NEW YORK (
may be a "fundamentally different" company from what it was in 2008, but you can't tell that from investors' treatment of the stock in the past week.
Shares of financials have been repeatedly clobbered with every market plunge as investor grow increasingly nervous about the impact the unprecedented downgrade of U.S. debt and an escalating sovereign debt crisis in Europe would have on banks.
Vikram Pandit, CEO, Citi
But the stocks of Citigroup and
Bank of America
saw the kind of sharp downswings that brought back painful memories of 2008 when the financial crisis was at its peak.
Citi's stock gained more than 6% on Thursday to close at $30.29. That was after a 16% plunge on Monday, a 14% rebound on Tuesday, followed by another 10% drop on Wednesday.
Year to date, the stock has shed 36%. At the current market price, it trades at half its book value of $60.34 per share and at 62% of its tangible book value.
Bank of America's latest woes are well known, so the stock's moves are not exactly a surprise. But the outlook for Citigroup has improved significantly in recent quarters as its strong international presence boosts loan growth, even as it continues to make headway in shedding non-core assets.
Still, it appears that as far as the market is concerned, Citigroup is not much better off than it was three years ago when the government had to bail it out.
"Citigroup is still viewed more in the Bank of America camp than in the
camp, though I would disagree," says Anthony Polini, who covers the bank at Raymond James. "It carries a higher risk perception that has more to do with its recent past. People still remember Citi as the bank that needed government support," he added.
CEO Vikram Pandit has over the past week tried to
reassure employees amid the market panic that the bank's fundamentals are intact. "Although the decline is difficult to watch and naturally reminds all of us of what happened several years ago, there is little similarity between now and then in both drivers and implications," Pandit told senior managers in a voice mail. "Not only is it a fundamentally different time, but we are a fundamentally different company," he added referring to the restructuring the company has undergone in recent years.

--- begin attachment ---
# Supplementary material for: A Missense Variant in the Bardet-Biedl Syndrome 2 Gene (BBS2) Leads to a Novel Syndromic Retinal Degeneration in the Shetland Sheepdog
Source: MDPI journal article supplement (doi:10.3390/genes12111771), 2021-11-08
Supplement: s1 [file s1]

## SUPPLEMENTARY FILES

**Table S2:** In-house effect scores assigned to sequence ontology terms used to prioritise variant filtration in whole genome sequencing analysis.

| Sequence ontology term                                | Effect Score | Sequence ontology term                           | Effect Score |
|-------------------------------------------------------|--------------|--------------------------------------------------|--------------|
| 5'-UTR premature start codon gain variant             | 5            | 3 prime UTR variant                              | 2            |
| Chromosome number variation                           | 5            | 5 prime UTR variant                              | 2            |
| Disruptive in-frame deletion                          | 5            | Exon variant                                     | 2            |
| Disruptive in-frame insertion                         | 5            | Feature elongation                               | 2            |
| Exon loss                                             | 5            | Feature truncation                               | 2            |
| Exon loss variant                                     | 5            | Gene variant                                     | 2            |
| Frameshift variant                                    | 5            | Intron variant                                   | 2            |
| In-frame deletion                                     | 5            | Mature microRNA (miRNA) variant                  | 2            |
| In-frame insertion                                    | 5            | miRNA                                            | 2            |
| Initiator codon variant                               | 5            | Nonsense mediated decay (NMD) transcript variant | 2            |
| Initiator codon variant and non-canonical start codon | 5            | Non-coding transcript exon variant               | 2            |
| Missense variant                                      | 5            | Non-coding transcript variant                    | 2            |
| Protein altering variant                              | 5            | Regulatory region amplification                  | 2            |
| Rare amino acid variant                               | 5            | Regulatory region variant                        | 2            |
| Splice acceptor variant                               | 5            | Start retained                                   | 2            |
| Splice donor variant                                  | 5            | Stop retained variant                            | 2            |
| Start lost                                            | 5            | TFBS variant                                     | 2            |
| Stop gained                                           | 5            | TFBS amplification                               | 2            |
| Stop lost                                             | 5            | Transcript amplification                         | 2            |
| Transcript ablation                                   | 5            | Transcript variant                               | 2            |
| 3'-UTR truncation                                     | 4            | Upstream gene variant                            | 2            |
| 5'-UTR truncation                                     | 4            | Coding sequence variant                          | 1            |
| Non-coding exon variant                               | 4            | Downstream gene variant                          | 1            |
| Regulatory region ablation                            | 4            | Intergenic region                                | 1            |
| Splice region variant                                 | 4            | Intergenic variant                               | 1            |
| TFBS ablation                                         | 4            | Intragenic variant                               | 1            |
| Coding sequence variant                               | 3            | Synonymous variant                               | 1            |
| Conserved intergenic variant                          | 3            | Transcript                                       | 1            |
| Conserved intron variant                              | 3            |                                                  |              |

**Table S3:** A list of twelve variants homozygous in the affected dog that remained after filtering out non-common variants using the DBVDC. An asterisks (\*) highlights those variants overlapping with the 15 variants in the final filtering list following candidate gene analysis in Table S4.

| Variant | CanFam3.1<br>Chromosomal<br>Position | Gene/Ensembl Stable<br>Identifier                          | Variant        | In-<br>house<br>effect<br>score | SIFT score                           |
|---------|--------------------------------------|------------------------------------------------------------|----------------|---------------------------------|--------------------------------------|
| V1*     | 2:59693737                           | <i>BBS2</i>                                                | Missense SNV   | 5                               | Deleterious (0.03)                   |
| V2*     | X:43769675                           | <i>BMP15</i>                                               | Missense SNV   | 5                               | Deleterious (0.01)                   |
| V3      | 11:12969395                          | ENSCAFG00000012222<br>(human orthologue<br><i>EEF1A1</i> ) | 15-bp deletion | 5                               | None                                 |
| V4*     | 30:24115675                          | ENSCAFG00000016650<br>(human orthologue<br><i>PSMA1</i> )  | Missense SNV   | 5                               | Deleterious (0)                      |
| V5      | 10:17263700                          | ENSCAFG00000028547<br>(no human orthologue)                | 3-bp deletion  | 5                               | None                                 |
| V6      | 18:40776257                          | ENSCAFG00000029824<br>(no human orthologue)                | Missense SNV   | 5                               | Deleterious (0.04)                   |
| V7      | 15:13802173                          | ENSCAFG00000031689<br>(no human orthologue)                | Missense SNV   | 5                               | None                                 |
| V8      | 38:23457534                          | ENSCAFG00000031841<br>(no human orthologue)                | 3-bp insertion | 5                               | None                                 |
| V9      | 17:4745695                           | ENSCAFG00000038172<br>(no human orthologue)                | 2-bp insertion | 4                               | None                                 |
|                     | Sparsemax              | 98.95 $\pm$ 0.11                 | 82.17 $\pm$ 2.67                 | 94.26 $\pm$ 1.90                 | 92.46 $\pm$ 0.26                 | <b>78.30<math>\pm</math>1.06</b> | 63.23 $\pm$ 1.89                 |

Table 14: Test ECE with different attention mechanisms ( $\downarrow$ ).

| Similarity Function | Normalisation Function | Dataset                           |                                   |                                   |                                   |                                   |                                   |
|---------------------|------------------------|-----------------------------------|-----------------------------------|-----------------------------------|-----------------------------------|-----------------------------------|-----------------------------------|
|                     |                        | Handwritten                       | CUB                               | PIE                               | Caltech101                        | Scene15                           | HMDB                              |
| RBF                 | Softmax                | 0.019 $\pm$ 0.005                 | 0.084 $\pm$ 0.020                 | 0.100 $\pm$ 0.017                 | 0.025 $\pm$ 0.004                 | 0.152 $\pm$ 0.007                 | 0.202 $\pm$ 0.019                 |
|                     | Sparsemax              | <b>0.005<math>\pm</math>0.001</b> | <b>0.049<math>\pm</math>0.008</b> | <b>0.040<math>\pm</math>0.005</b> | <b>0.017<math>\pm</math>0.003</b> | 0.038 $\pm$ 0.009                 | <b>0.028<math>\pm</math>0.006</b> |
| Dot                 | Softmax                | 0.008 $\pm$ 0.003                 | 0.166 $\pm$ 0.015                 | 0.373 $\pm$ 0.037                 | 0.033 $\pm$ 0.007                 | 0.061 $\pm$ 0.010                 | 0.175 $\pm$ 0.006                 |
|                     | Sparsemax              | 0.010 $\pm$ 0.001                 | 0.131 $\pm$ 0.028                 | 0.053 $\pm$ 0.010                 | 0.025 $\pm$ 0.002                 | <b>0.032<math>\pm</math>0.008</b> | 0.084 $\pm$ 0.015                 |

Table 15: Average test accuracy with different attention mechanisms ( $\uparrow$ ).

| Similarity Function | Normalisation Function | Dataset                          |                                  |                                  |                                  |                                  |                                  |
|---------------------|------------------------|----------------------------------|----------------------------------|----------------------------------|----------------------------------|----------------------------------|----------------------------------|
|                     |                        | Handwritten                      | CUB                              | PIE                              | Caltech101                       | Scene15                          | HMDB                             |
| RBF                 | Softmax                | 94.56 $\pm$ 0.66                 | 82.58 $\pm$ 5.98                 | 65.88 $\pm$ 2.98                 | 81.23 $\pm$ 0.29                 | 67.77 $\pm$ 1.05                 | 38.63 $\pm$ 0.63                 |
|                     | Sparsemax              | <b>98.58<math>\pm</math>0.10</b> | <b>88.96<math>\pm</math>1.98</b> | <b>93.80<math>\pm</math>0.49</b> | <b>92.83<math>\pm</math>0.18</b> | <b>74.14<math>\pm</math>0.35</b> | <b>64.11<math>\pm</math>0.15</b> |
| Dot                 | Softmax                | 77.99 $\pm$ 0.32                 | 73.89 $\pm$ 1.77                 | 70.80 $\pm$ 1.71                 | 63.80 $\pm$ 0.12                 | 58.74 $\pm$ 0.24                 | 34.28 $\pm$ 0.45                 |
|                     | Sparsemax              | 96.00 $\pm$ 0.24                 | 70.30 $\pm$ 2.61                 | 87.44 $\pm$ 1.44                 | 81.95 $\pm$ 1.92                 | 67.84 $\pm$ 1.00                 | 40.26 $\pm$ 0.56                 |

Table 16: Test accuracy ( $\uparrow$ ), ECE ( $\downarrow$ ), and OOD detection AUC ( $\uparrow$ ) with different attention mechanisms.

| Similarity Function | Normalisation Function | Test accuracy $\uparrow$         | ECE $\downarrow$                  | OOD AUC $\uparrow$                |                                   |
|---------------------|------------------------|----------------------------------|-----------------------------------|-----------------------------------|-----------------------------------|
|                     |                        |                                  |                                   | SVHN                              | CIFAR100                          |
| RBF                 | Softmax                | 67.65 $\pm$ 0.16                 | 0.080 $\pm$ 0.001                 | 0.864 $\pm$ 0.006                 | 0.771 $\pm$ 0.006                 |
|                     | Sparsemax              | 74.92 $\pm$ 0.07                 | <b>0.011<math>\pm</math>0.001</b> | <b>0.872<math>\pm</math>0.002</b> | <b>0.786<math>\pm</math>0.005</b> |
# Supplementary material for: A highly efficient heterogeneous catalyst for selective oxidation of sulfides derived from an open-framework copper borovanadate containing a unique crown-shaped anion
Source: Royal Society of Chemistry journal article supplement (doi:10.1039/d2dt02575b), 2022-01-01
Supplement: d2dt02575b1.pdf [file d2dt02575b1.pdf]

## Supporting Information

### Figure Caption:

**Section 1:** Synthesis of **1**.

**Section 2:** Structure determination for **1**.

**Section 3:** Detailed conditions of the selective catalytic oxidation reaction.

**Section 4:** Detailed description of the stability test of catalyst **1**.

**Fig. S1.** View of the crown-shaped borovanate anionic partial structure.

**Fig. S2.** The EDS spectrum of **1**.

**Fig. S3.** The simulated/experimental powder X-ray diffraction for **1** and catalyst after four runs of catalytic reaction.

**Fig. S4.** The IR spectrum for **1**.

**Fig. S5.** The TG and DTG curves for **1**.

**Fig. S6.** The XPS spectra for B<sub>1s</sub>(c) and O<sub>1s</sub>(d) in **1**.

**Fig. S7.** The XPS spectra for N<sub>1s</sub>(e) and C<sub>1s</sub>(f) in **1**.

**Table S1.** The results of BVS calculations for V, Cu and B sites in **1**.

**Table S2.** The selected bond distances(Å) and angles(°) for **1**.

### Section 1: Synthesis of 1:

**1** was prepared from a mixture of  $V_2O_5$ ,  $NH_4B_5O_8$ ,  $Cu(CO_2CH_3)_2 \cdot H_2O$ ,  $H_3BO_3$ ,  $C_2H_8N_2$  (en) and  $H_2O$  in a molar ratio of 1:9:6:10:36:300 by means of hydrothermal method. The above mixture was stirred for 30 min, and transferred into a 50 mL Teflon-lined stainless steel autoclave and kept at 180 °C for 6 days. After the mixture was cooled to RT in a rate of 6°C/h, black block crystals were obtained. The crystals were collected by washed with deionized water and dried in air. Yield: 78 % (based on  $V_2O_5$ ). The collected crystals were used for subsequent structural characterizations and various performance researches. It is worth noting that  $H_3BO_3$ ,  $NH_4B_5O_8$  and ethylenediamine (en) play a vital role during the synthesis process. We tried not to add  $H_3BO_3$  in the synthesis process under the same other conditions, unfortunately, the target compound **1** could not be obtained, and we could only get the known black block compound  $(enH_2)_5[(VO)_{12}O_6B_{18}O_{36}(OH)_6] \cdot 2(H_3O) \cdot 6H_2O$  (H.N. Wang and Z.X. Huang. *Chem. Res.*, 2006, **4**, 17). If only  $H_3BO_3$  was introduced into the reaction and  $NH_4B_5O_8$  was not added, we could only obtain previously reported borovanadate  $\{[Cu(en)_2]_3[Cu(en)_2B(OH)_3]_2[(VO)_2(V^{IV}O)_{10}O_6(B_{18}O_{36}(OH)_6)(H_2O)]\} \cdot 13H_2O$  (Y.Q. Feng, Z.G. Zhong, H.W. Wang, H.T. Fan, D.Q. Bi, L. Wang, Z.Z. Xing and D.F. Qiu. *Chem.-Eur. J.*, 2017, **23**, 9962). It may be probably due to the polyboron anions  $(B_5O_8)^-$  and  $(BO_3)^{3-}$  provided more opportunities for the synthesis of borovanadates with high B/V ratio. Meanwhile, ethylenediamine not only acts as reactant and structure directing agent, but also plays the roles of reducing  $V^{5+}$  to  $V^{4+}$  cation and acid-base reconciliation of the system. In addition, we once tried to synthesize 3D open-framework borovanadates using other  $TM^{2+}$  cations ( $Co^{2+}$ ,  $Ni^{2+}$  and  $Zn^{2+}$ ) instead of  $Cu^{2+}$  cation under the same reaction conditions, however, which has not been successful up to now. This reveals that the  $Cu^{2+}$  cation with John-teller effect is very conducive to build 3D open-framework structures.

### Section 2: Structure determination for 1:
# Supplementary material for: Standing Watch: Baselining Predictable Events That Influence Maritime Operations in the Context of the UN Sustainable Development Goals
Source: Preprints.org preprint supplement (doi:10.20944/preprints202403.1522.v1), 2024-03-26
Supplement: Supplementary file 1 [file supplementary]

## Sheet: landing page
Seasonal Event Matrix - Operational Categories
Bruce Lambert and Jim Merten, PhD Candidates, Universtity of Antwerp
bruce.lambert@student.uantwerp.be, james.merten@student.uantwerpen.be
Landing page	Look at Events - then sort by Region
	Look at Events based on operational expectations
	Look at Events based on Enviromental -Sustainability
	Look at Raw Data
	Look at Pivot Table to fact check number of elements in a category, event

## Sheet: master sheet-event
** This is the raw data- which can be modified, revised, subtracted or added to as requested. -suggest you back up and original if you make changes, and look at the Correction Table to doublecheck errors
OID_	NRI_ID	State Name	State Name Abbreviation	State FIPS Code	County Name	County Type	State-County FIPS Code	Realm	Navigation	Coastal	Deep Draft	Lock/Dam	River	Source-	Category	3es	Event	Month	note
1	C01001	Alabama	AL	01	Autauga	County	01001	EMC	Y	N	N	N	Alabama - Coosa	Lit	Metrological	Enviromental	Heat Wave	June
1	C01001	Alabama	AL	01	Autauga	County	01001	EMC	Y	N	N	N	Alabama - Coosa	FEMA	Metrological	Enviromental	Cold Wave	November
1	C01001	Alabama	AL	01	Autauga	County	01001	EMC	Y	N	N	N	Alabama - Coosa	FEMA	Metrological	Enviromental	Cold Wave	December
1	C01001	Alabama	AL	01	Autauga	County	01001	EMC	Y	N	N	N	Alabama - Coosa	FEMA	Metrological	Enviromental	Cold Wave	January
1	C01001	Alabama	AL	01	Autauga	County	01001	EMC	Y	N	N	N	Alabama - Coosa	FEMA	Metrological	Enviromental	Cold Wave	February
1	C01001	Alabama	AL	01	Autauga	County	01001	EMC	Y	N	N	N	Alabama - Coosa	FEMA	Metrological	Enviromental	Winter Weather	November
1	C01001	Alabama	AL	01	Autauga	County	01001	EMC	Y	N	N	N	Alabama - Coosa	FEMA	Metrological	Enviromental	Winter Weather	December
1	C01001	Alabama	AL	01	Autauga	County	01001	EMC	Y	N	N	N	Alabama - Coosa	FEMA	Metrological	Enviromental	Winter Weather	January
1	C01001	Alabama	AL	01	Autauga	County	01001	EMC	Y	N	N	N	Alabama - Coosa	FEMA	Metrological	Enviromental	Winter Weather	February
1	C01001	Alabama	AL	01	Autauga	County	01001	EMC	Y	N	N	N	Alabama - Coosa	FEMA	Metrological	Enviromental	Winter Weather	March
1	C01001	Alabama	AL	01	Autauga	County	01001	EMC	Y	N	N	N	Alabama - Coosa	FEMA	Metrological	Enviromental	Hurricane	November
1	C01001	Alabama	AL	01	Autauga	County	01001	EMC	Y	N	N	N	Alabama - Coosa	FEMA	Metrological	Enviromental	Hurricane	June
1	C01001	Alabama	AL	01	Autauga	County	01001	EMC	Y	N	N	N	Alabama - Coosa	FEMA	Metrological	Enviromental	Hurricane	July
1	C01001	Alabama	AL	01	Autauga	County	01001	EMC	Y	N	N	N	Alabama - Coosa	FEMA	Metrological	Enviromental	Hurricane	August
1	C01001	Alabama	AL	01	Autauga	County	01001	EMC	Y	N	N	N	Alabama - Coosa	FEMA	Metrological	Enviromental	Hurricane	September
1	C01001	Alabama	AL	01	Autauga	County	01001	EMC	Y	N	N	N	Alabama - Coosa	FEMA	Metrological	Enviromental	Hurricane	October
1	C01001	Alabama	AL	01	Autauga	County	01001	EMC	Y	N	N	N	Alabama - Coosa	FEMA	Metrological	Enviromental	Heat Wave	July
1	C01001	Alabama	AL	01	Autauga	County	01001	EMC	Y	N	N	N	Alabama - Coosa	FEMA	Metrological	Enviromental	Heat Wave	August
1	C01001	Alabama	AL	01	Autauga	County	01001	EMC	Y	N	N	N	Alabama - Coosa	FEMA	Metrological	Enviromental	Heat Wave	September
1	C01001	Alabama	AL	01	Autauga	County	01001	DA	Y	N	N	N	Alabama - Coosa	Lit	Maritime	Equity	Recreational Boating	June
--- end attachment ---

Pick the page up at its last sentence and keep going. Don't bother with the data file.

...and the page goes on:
The message from the CEO did little to appease markets whose memories of 2008 are still fresh. After all, banks that said they did not need more capital ended up seeking billions. Investors burned by the crisis might be more reluctant to trust Wall Street honchos this time.
"If they ever come out and start to defend their liquidity, you really have to be worried," Fred Cannon, director of research at KBW quipped in an interview on
. "But in general, if we do look at Citi, it really has changed fundamentally from what it was. There has been a major restructuring. I don't think you can say the same for Bank of America... there hasn't been the same kind of restructuring by any stretch."
Citigroup reorganized its businesses in 2009 into a "good bank", Citicorp, that houses all its core assets and a "bad bank" Citi Holdings that contains businesses that are not core to Citi's future, which it would wind down over time.
Citigroup has disposed of $519 billion of assets in Citi Holdings since the first quarter of 2008. Totally, the bad bank now accounts for only 16% of its total assets. Winding down Citi Holdings is crucial to the bank meeting regulatory capital standards. While the pace of future asset sales is beginning to slow, analysts believe Citi should be able to comfortably meet its targets by 2012 and begin returning capital to shareholders.
Not that the" new" Citigroup is without its challenges or risks. Its emerging market presence, which is its greatest revenue driver, may be vulnerable if the crisis in Europe has a domino effect and global growth slumps, according to Polini.
While its exposure to the troubled euro zone nations of Greece, Italy, Ireland, Portugal and Spain is still considered manageable, the bank is under scrutiny after it disclosed its $22 billion net exposure to the region, $9 billion of which is unfunded. That is higher than the $14 billion in net exposure to GIIPS revealed by JPMorgan.
Still, analysts maintain that the recent sell-off is overdone. "While significant headwinds remain, including a weak economy, ongoing litigation exposure, the sovereign debt crisis, a declining NIM, and pressured trading revenue, the second quarter reflected continued positive operating trends for C, including revenue growth, loan growth, and improving credit metrics," Sandler O'Neill analyst Jeff Harte said in a recent note.
"C has what we believe to be a significantly undervalued franchise, with less exposure to mortgage related problems than many of its direct competitors. Trading at only 65% of TBV and less than 6x our 2012 EPS estimate, we believe the stock remains fundamentally undervalued."
--Written by Shanthi Bharatwaj in New York
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